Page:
After the Berlin Wall tumbled down, the East and West Germans chose to reunify. The decision made sense: They were truly one people, cut off from one another by Soviet aggression following the Second World War. Yet the move was neither seamless nor free. A report last year said that West Germans have transferred nearly $2 billion to East Germany over the last 20 years.
 
No wonder the South Koreans want to start saving their wons. (A won is a Korean dollar.)
 
For Americans, South Koreans are important trading partners. This is especially true for farmers. Last year, we sold almost $4 billion in agricultural goods to them. Overall, South Korea was our sixth most important export market.
 
Korea will become even more important after reunification because suddenly we would have access to about 24 million new consumers in the northern half of the peninsula--roughly 50 percent more people than we can sell to right now.
 
Who can doubt that they’ll want the made-in-America products that their oppressors have denied them for generations?
 
They’ll certainly have some access to our goods. Continuing positive relations with South Korea will see to that. But there are also different levels of success. We can do well or we can do really well, depending on the choices we make right now.
 
The most important choice involves the U.S.-South Korea Free Trade Agreement, which has languished for three years as it waits for congressional approval. The Bush administration negotiated the deal but Congress never provided the up-or-down vote it had promised. Earlier this year, President Obama announced his support for the pact. He wants to double U.S. exports over the next five years and sees this agreement as a step toward reaching his goal.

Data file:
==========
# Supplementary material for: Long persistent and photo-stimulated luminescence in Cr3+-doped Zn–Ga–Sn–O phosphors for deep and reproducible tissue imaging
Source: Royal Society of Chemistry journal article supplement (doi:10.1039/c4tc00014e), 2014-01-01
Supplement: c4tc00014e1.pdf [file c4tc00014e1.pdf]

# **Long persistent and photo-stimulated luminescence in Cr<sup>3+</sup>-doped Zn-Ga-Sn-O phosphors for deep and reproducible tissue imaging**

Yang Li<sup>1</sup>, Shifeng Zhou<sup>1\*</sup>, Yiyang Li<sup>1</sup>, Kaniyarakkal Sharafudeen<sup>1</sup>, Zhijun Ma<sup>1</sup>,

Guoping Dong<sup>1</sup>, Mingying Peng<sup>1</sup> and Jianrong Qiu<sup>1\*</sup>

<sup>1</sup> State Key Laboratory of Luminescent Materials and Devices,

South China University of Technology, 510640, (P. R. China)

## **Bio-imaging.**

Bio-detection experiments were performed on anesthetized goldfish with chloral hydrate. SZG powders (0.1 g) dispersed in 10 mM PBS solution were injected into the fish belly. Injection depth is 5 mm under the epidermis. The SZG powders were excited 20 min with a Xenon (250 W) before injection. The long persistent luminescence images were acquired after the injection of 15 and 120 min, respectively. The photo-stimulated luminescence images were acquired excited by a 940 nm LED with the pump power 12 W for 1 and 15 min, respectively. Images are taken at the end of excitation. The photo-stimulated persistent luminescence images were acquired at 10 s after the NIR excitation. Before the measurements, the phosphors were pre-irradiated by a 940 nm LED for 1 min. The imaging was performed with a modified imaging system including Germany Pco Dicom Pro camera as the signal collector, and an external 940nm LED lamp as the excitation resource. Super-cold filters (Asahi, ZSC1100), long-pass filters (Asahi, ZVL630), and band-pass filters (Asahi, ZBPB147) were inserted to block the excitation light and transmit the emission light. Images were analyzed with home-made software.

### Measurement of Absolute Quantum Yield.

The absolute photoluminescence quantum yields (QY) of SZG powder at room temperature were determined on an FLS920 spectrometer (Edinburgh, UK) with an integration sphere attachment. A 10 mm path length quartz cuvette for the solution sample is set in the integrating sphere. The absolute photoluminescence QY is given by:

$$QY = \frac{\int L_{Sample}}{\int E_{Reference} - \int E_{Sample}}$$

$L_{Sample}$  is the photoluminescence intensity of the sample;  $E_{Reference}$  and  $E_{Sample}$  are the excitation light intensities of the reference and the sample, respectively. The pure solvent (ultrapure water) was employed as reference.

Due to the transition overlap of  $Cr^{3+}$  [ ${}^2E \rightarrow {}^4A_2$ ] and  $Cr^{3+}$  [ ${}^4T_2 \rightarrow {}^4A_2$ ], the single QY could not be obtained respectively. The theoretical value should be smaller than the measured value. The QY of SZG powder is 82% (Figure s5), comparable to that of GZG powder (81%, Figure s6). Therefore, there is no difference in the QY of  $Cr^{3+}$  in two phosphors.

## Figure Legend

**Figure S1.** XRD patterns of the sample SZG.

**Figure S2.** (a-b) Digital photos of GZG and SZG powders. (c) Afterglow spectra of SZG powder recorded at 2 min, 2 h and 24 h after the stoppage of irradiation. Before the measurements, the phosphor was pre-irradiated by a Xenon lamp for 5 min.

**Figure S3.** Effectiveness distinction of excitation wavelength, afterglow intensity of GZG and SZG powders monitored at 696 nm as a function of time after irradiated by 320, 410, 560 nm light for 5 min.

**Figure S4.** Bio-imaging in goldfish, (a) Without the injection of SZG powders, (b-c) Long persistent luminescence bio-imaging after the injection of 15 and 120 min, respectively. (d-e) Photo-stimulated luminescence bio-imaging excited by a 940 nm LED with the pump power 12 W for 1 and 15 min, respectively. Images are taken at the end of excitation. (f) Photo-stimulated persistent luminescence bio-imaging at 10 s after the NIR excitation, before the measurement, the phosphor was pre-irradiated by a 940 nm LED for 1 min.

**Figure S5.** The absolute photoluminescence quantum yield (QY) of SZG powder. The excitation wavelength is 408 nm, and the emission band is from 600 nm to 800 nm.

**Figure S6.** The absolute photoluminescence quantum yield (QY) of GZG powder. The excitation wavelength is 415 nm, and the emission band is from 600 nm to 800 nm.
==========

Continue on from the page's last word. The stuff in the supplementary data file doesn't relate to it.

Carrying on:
President Bush and Obama may not agree on much--but they both appreciate our economic ties to South Korea. Now the White House must submit the pact and Congress must pass it.
 
The agreement is worthwhile with or without reunification. The best way for two countries or cultures to co-exist and prosper is through mutually beneficial trade.
 
We shouldn’t pass up the chance to improve trade with South Korea because more U.S. exports would mean more jobs for Americans during the worst recession of our lives. Our competitors haven’t ignored this opportunity. The European Union is about to close its own deal with South Korea.
 
Yet the looming possibility of Korean reunification makes an agreement more pressing than ever. The experience of Germany teaches us that if the government in Pyongyang implodes, it could happen without much warning.
 
The choice is to prepare for this possibility and be ready for it or to snub it now in the hope that we can play catch up later.
 
That’s no choice at all. Let’s get the deal done, while there’s still time.
 
Bob Bowman produces corn, soybeans, alfalfa, seed and specialty corn on a multigenerational farm near DeWitt, Iowa. Bob is a member of the Truth About Trade and Technology Global Farmer Network. www.truthabouttrade.org